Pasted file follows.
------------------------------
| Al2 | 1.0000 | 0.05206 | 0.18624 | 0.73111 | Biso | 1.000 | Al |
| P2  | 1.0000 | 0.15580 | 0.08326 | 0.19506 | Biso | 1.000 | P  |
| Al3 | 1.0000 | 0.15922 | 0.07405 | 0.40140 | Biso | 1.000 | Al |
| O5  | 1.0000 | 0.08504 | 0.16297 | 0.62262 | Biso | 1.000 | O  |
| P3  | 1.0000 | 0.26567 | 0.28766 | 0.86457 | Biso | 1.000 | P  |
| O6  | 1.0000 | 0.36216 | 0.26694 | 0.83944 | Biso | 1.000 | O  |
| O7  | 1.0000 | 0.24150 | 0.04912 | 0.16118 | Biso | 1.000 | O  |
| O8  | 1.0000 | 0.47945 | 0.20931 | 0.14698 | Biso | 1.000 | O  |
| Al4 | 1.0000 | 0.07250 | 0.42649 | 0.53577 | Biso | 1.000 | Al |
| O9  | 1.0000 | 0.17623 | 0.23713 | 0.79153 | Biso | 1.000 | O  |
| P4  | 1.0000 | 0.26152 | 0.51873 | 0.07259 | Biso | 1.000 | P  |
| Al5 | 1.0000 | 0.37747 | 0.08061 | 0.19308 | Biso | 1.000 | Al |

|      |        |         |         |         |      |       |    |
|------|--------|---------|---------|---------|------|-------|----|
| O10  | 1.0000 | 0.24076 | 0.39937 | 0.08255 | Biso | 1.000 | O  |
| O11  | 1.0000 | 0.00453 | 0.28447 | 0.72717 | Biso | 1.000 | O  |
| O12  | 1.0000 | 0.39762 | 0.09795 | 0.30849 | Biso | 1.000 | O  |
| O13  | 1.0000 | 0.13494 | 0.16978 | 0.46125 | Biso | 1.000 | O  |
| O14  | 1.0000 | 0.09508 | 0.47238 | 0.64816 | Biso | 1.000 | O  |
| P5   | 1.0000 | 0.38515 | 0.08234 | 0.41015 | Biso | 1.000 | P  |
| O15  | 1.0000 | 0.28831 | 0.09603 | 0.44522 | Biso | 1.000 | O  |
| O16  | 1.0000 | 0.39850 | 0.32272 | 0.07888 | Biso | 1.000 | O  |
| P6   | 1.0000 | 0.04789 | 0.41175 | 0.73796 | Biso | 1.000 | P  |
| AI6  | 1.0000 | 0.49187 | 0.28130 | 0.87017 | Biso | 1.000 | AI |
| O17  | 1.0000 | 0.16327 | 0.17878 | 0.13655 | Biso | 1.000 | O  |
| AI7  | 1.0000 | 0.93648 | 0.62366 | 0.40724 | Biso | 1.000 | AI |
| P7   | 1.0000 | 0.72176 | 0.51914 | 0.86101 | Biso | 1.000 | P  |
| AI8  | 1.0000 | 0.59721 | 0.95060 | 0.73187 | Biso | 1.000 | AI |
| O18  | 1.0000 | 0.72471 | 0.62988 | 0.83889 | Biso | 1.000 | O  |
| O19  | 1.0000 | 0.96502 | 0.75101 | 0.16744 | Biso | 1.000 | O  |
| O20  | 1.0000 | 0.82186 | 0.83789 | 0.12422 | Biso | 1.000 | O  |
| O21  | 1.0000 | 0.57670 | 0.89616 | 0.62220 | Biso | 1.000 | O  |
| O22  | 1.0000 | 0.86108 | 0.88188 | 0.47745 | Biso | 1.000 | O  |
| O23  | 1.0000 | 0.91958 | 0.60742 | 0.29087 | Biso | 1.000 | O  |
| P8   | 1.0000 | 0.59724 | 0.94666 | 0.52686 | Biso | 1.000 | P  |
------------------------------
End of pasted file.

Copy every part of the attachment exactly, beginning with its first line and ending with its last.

| Al2 | 1.0000 | 0.05206 | 0.18624 | 0.73111 | Biso | 1.000 | Al |
| P2  | 1.0000 | 0.15580 | 0.08326 | 0.19506 | Biso | 1.000 | P  |
| Al3 | 1.0000 | 0.15922 | 0.07405 | 0.40140 | Biso | 1.000 | Al |
| O5  | 1.0000 | 0.08504 | 0.16297 | 0.62262 | Biso | 1.000 | O  |
| P3  | 1.0000 | 0.26567 | 0.28766 | 0.86457 | Biso | 1.000 | P  |
| O6  | 1.0000 | 0.36216 | 0.26694 | 0.83944 | Biso | 1.000 | O  |
| O7  | 1.0000 | 0.24150 | 0.04912 | 0.16118 | Biso | 1.000 | O  |
| O8  | 1.0000 | 0.47945 | 0.20931 | 0.14698 | Biso | 1.000 | O  |
| Al4 | 1.0000 | 0.07250 | 0.42649 | 0.53577 | Biso | 1.000 | Al |
| O9  | 1.0000 | 0.17623 | 0.23713 | 0.79153 | Biso | 1.000 | O  |
| P4  | 1.0000 | 0.26152 | 0.51873 | 0.07259 | Biso | 1.000 | P  |
| Al5 | 1.0000 | 0.37747 | 0.08061 | 0.19308 | Biso | 1.000 | Al |

|      |        |         |         |         |      |       |    |
|------|--------|---------|---------|---------|------|-------|----|
| O10  | 1.0000 | 0.24076 | 0.39937 | 0.08255 | Biso | 1.000 | O  |
| O11  | 1.0000 | 0.00453 | 0.28447 | 0.72717 | Biso | 1.000 | O  |
| O12  | 1.0000 | 0.39762 | 0.09795 | 0.30849 | Biso | 1.000 | O  |
| O13  | 1.0000 | 0.13494 | 0.16978 | 0.46125 | Biso | 1.000 | O  |
| O14  | 1.0000 | 0.09508 | 0.47238 | 0.64816 | Biso | 1.000 | O  |
| P5   | 1.0000 | 0.38515 | 0.08234 | 0.41015 | Biso | 1.000 | P  |
| O15  | 1.0000 | 0.28831 | 0.09603 | 0.44522 | Biso | 1.000 | O  |
| O16  | 1.0000 | 0.39850 | 0.32272 | 0.07888 | Biso | 1.000 | O  |
| P6   | 1.0000 | 0.04789 | 0.41175 | 0.73796 | Biso | 1.000 | P  |
| AI6  | 1.0000 | 0.49187 | 0.28130 | 0.87017 | Biso | 1.000 | AI |
| O17  | 1.0000 | 0.16327 | 0.17878 | 0.13655 | Biso | 1.000 | O  |
| AI7  | 1.0000 | 0.93648 | 0.62366 | 0.40724 | Biso | 1.000 | AI |
| P7   | 1.0000 | 0.72176 | 0.51914 | 0.86101 | Biso | 1.000 | P  |
| AI8  | 1.0000 | 0.59721 | 0.95060 | 0.73187 | Biso | 1.000 | AI |
| O18  | 1.0000 | 0.72471 | 0.62988 | 0.83889 | Biso | 1.000 | O  |
| O19  | 1.0000 | 0.96502 | 0.75101 | 0.16744 | Biso | 1.000 | O  |
| O20  | 1.0000 | 0.82186 | 0.83789 | 0.12422 | Biso | 1.000 | O  |
| O21  | 1.0000 | 0.57670 | 0.89616 | 0.62220 | Biso | 1.000 | O  |
| O22  | 1.0000 | 0.86108 | 0.88188 | 0.47745 | Biso | 1.000 | O  |
| O23  | 1.0000 | 0.91958 | 0.60742 | 0.29087 | Biso | 1.000 | O  |
| P8   | 1.0000 | 0.59724 | 0.94666 | 0.52686 | Biso | 1.000 | P  |